Interpreting justice in the space of controversy
The Supreme Court ruling allowing members of the LGBTQ community to associate has created a lot of buzz in the country. I am curious to know why the ruling was made given that the community is not accepted here in Kenya.
Dear concerned reader,
This conversation does not ignore the healthy discussions being held on various virtual and physical platforms owing to the interest generated by the Supreme Court of Kenya decision of the 24th of February 2023, directing the Non-Governmental Organization Coordination Board to register the National Gay and Lesbian Human Rights Commission (NGLHRC).
This case is a decade old as it dates back to 2013. It is an opportunity for the country to facilitate and experience necessary legal ventilation, across and amongst different people and institutions, as part-mechanism of pointing out what the law provides, but importantly to develop an understanding of how justice is interpreted in the space of controversy.
Any and every issue regarding Lesbians, Gay, Bi-sexual, Transgender and Queer, shortened and accepted as LGBTQ tends to draw a lot of conversational vitriol and name-calling, both in private and public spaces. This column deliberately excludes the Intersex Persons in this conversation, because the law has been and continues to be reformed to accommodate them.
Their major concern as to sexual identity being foundational for them to access and utilise government services has partially been addressed by law since the “I” sexual marker was used to count them during the national census of 2019.
The debate that rages on is about inclusion and discrimination besides the related inequalities and inequities, from which certain subjective conclusions and positions are drawn, depending on which side of the divide one speaks and approaches the matter. The pro-LGBTQ groups and communities often cite systemic discrimination and violence besides the desire for dignity as the motivation for seeking justice.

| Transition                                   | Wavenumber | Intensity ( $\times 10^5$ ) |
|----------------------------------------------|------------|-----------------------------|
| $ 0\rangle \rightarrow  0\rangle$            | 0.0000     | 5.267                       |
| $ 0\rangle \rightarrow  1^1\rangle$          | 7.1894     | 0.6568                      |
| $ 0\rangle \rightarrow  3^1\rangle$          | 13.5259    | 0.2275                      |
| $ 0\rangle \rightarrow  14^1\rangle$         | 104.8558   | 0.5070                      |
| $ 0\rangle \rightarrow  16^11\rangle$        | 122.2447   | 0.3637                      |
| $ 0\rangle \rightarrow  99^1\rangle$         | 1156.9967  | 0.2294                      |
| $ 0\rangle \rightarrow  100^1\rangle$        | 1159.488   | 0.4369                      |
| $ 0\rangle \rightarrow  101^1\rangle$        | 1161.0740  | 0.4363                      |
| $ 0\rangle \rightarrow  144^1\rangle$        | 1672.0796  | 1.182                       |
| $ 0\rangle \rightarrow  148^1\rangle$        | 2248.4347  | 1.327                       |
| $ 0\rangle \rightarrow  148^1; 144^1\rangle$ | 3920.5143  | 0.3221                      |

Their justification is assigned to Articles 27 and 28 of the Constitution, in addition to Articles 2 (5) and 2 (6) which ring fences application of provisions found in several other international legal instruments that protect and promote human rights.
By the mantra of leaving no one behind within the realm of Sustainable Development Goals (SDGs) their (LGBTQ) assertions suggest the fullness of Article 27(4) to include sexual and gender orientation, as an addition to race, sex, pregnancy, marital status, health status, ethnic or social origin, colour, age, disability, religion, conscience, belief, culture, dress, language or birth, as grounds for non-discrimination. The Supreme Court used the same wisdom.
Those opposed to the agenda, concept and relationship protocols of LGBTQ consistently call for societal fidelity to a natural way of doing things sexually. They believe and propagate sex as a mutual heterosexual, male to female and vice versa engagement.
In their arguments, they cite the criminality associated with same-sex marriage, because Article 45 (2) of the Constitution espouses, the union of marriage as the right to marry a person of the opposite sex.